Our Cheapskate’s Guide has become an annual installment in the magazine, because for most of us working stiffs, the ability to stretch a dollar and get more for less is always relevant. For some of us, it means that our love of technology and all its amazing uses won’t get in the way of us paying the rent or putting new Crocs on our kids’ feet. For others, saving money is more a matter of personal pride—the result of knowing the ins and outs of getting a good deal. Only suckers pay the sticker price! Whatever motivates your cheapskate tendencies, we say embrace them, and this year we offer our support in the form of tips for savvy shopping, guidance on making wise hardware purchases, pointers to killer deals in digital entertainment, and a whole lot more. Just don’t spend your savings foolishly!
Before you spend money on an upgrade, make sure you’ve milked your hardware for all it’s worth
Overclocking your CPU can be as easy as ticking a box in your BIOS, and it can open up decent performance gains that are achievable with a relatively inexpensive aftermarket cooler such as the $35 Hyper 212 Evo from Cooler Master. Most Intel boards are multiplier locked, but you can still adjust the Turbo clock and/or the base clock quite easily in the BIOS. Be careful though, as most modern CPUs will top out at just a bit above 4GHz due to cooling and voltage constraints. We’ve gone up to 4.2GHz or so on air and a bit higher on water, but that’s the ceiling these days unless you’re willing to shell out a mint for an Extreme processor from Intel or a 5GHz part from AMD, and a custom water loop to cool either. Keep in mind, however, that it’s doubtful you’re being held back by your CPU unless you are doing intense multithreaded video encoding.
Overclocking your GPU will provide some benefits, but keep in mind we’re talking about a 5–10 percent improvement, typically, which might not be enough to overcome your particular frame-rate deficiency. In some cases you will see a 20 percent boost, but that’s not guaranteed. The cheapest way to get an FPS boost is always to just buy a second GPU for CrossFire or SLI, because, though scaling isn’t perfect, you should be able to see performance improve by 75–80 percent. Also, by the time you add a second card, whatever card you already own is typically much cheaper, making this the best-bang-for-your-buck upgrade you can perform.
EVGA PrecisionX makes it easy to overclock your GPU, examine temps and voltages, and more.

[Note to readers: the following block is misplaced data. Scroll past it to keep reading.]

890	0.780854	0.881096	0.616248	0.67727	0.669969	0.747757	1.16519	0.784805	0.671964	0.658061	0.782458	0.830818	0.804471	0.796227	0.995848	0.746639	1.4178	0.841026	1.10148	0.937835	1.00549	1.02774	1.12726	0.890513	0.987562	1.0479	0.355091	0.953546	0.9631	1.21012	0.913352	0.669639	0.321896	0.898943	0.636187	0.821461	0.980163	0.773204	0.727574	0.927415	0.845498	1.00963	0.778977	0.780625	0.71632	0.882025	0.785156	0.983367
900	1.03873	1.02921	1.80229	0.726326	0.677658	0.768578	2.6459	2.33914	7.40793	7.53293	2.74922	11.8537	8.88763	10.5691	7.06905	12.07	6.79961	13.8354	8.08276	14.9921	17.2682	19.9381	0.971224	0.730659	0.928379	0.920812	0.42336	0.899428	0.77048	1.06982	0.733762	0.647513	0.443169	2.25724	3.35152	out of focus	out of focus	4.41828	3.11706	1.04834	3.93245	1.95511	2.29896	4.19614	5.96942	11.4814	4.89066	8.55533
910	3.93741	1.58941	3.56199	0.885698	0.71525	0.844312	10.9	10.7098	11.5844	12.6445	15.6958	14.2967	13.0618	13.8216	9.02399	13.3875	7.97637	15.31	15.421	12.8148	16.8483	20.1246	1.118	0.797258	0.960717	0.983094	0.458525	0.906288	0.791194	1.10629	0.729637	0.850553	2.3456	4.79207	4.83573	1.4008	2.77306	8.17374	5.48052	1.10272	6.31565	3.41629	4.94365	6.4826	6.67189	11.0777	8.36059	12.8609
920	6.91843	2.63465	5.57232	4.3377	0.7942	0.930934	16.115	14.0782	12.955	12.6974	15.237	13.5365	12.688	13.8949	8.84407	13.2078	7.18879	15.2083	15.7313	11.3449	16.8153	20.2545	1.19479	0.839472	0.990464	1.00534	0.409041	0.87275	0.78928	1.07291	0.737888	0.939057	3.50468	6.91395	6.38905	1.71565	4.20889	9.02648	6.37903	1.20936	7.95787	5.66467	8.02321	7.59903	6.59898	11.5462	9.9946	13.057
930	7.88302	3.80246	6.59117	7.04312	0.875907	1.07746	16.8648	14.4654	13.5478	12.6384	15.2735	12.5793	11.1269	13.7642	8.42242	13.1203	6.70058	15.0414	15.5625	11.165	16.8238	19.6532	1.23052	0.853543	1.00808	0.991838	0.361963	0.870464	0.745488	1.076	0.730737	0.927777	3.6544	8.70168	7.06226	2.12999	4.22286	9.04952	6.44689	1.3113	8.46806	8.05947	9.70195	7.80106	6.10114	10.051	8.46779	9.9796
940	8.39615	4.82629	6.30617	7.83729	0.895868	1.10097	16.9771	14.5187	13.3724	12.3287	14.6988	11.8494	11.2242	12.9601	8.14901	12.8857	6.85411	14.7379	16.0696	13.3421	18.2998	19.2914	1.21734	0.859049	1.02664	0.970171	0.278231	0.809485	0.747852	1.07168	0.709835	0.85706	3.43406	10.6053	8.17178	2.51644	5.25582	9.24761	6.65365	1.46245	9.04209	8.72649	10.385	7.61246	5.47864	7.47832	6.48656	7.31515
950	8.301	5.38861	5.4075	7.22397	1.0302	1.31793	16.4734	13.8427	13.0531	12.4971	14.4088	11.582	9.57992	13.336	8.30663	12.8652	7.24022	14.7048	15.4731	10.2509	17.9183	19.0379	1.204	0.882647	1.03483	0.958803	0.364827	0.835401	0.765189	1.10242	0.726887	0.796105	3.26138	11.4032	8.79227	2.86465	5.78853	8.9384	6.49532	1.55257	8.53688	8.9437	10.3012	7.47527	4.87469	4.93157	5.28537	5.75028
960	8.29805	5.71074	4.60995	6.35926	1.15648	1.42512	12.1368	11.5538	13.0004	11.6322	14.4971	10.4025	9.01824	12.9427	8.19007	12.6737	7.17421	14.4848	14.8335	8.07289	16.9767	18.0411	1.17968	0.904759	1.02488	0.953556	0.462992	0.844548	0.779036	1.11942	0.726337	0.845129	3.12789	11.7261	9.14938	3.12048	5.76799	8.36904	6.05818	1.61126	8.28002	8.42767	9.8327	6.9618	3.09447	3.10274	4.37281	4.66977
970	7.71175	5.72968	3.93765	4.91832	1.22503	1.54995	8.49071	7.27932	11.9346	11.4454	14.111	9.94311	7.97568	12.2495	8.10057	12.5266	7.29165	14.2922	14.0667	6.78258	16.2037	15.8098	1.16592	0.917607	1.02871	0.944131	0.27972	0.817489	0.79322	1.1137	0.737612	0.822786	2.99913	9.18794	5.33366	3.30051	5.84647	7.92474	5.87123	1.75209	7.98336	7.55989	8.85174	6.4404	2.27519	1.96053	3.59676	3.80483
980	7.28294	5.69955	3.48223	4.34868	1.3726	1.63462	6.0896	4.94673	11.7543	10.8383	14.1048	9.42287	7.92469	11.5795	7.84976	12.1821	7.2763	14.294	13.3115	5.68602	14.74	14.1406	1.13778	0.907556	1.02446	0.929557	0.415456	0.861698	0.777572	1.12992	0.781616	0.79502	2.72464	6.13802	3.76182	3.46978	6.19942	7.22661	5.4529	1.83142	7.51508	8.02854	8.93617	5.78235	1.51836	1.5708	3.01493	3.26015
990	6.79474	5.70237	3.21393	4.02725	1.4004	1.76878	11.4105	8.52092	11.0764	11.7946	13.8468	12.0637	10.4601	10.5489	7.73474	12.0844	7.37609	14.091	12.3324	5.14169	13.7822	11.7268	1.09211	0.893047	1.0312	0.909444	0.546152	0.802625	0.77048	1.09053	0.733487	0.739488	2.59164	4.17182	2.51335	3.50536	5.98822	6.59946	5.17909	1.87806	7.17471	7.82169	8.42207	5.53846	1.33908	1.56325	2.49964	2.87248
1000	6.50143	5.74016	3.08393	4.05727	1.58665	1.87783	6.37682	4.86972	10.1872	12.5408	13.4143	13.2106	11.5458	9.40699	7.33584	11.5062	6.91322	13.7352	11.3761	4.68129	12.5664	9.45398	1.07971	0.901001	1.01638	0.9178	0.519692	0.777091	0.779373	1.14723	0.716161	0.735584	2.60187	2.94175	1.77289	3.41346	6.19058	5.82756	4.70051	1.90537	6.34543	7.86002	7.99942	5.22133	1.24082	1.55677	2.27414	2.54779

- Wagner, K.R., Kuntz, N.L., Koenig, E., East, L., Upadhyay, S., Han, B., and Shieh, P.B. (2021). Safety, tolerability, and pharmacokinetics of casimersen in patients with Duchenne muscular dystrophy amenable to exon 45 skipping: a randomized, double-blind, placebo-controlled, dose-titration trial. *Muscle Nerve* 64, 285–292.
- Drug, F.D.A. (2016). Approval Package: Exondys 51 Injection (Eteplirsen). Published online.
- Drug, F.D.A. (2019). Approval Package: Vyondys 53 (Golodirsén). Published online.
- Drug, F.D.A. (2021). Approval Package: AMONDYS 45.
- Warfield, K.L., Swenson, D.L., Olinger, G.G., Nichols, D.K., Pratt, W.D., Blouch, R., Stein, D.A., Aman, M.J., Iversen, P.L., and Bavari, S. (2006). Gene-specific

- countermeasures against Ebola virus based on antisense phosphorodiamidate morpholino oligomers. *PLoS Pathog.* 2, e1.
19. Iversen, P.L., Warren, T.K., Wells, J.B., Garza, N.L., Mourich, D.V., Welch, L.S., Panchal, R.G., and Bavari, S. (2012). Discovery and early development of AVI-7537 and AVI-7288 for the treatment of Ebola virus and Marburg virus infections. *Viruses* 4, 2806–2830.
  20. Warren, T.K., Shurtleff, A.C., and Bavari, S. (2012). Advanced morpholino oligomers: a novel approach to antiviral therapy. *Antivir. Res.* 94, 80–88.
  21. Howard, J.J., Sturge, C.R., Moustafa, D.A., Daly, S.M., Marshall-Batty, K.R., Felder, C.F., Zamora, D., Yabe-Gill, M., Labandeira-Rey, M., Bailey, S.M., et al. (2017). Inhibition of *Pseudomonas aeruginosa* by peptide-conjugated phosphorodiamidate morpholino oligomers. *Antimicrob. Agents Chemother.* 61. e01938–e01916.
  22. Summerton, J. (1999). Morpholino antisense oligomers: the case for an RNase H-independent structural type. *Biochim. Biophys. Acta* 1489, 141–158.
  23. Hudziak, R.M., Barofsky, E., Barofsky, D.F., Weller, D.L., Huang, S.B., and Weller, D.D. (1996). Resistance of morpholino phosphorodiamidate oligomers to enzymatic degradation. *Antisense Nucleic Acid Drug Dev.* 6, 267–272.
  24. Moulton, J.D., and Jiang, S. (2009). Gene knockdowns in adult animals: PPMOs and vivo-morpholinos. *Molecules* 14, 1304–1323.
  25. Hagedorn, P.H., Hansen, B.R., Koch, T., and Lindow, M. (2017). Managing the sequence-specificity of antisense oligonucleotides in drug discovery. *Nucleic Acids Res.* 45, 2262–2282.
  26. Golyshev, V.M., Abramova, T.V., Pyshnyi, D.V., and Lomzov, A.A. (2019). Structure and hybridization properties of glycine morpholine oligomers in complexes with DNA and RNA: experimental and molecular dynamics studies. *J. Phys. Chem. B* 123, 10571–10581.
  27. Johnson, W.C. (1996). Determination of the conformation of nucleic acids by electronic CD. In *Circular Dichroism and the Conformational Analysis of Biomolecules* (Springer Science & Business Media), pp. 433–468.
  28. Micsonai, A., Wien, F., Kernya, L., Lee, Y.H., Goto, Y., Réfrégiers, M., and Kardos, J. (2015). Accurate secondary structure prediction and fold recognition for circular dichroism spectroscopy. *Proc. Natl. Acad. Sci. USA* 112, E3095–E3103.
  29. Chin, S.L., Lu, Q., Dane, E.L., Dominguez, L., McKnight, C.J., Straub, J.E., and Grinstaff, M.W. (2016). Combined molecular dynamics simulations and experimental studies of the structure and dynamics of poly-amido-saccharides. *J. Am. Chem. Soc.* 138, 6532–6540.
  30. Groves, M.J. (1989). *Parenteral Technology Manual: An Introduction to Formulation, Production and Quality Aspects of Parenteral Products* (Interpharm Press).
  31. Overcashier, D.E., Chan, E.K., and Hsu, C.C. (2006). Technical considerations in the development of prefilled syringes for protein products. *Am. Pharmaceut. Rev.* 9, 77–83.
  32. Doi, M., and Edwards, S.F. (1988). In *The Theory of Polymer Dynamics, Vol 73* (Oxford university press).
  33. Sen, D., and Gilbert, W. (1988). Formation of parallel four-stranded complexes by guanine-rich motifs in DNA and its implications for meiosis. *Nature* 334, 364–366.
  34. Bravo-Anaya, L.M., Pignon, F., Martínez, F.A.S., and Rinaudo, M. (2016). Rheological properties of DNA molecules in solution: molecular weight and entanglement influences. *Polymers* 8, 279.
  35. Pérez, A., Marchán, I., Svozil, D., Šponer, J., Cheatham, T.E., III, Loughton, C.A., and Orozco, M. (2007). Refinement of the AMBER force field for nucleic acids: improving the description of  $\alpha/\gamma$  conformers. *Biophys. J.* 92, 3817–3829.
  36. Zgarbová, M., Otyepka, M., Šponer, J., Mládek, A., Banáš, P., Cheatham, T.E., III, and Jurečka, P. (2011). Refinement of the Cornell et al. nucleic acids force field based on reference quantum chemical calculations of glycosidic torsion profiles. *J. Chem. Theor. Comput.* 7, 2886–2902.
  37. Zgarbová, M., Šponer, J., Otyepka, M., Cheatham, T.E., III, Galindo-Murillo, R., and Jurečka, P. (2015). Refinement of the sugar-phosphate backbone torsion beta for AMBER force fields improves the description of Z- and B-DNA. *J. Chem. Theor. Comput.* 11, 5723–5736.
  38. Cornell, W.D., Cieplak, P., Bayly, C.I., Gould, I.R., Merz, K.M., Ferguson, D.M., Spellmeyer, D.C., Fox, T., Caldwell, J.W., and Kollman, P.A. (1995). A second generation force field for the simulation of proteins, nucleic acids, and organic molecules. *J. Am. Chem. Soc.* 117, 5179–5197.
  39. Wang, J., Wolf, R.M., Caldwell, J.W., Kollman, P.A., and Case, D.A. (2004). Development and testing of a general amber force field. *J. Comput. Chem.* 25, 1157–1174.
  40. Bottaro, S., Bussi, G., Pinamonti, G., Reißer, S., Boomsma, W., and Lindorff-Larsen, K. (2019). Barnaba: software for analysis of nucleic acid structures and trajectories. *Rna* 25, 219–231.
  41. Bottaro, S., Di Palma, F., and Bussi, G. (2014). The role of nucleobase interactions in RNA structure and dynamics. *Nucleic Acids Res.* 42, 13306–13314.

We’ve said it before, and we’ll say it again with no hyperbole. Moving to an SSD is one of the best PC upgrades in the history of mankind. Whereas upgrading other subsystems like RAM, CPU, and motherboard oftentimes leads to small and imperceptible performance gains, an SSD upgrade is like hitting your PC with nitrous, and its effects are immediate, system-wide, and like night-and-day compared to a spinning hard drive. Your PC will boot in half the time, programs will launch instantly, and there’s no more waiting for the platters to spin up or for the drive’s read heads to find your data. SSDs also emit no heat or noise, and with no moving parts they are just as awesome in a laptop as they are in a desktop. Get one today and your life will change.
The Trim command for Windows is sent to your SSD when it’s idle, telling the drive that it’s OK to permanently delete files marked as garbage, so that the next time data needs to be written to a block it can take place without the aforementioned deletion delaying the process. Imagine if every time you had to write to a block, the controller had to perform a delete operation first! Performance would suck, which is why Trim exists. But here’s the problem: If your SSD holds your OS, it may rarely be in “idle” mode, and nobody knows when the Trim command actually runs. So, do your drive a favor and manually Trim it. In Windows 8 it can be done via the Tools menu (under the drive’s Properties) by punching the Optimize button. Older OSes don’t offer this feature, though, so you’ll need a third-party tool provided by your drive manufacturer. We know that the software available for Intel and Samsung drives supports this, but we’re not aware of any other free tool that lets you do it on drives of other brands.
Some SSDs include software that lets you manually Trim your drive—a handy feature for those on older OSes.
Nothing runs faster, not even a Kenyan, than a fresh install of Windows. It’s true that the arrival of SSDs has negated this effect somewhat, but in our experience, a squeaky-clean install is noticeably perkier than a thrashed and litter-strewn 2-year-old installation. We know most of you pride yourselves on your years of uptime, but there comes a time when too many weird and unexplainable phenomena (updates not working, general slowness, etc.) will require you to throw up your hands and start over. It’s nothing to be ashamed of, and your new OS’s snappy performance will make you feel better in the end.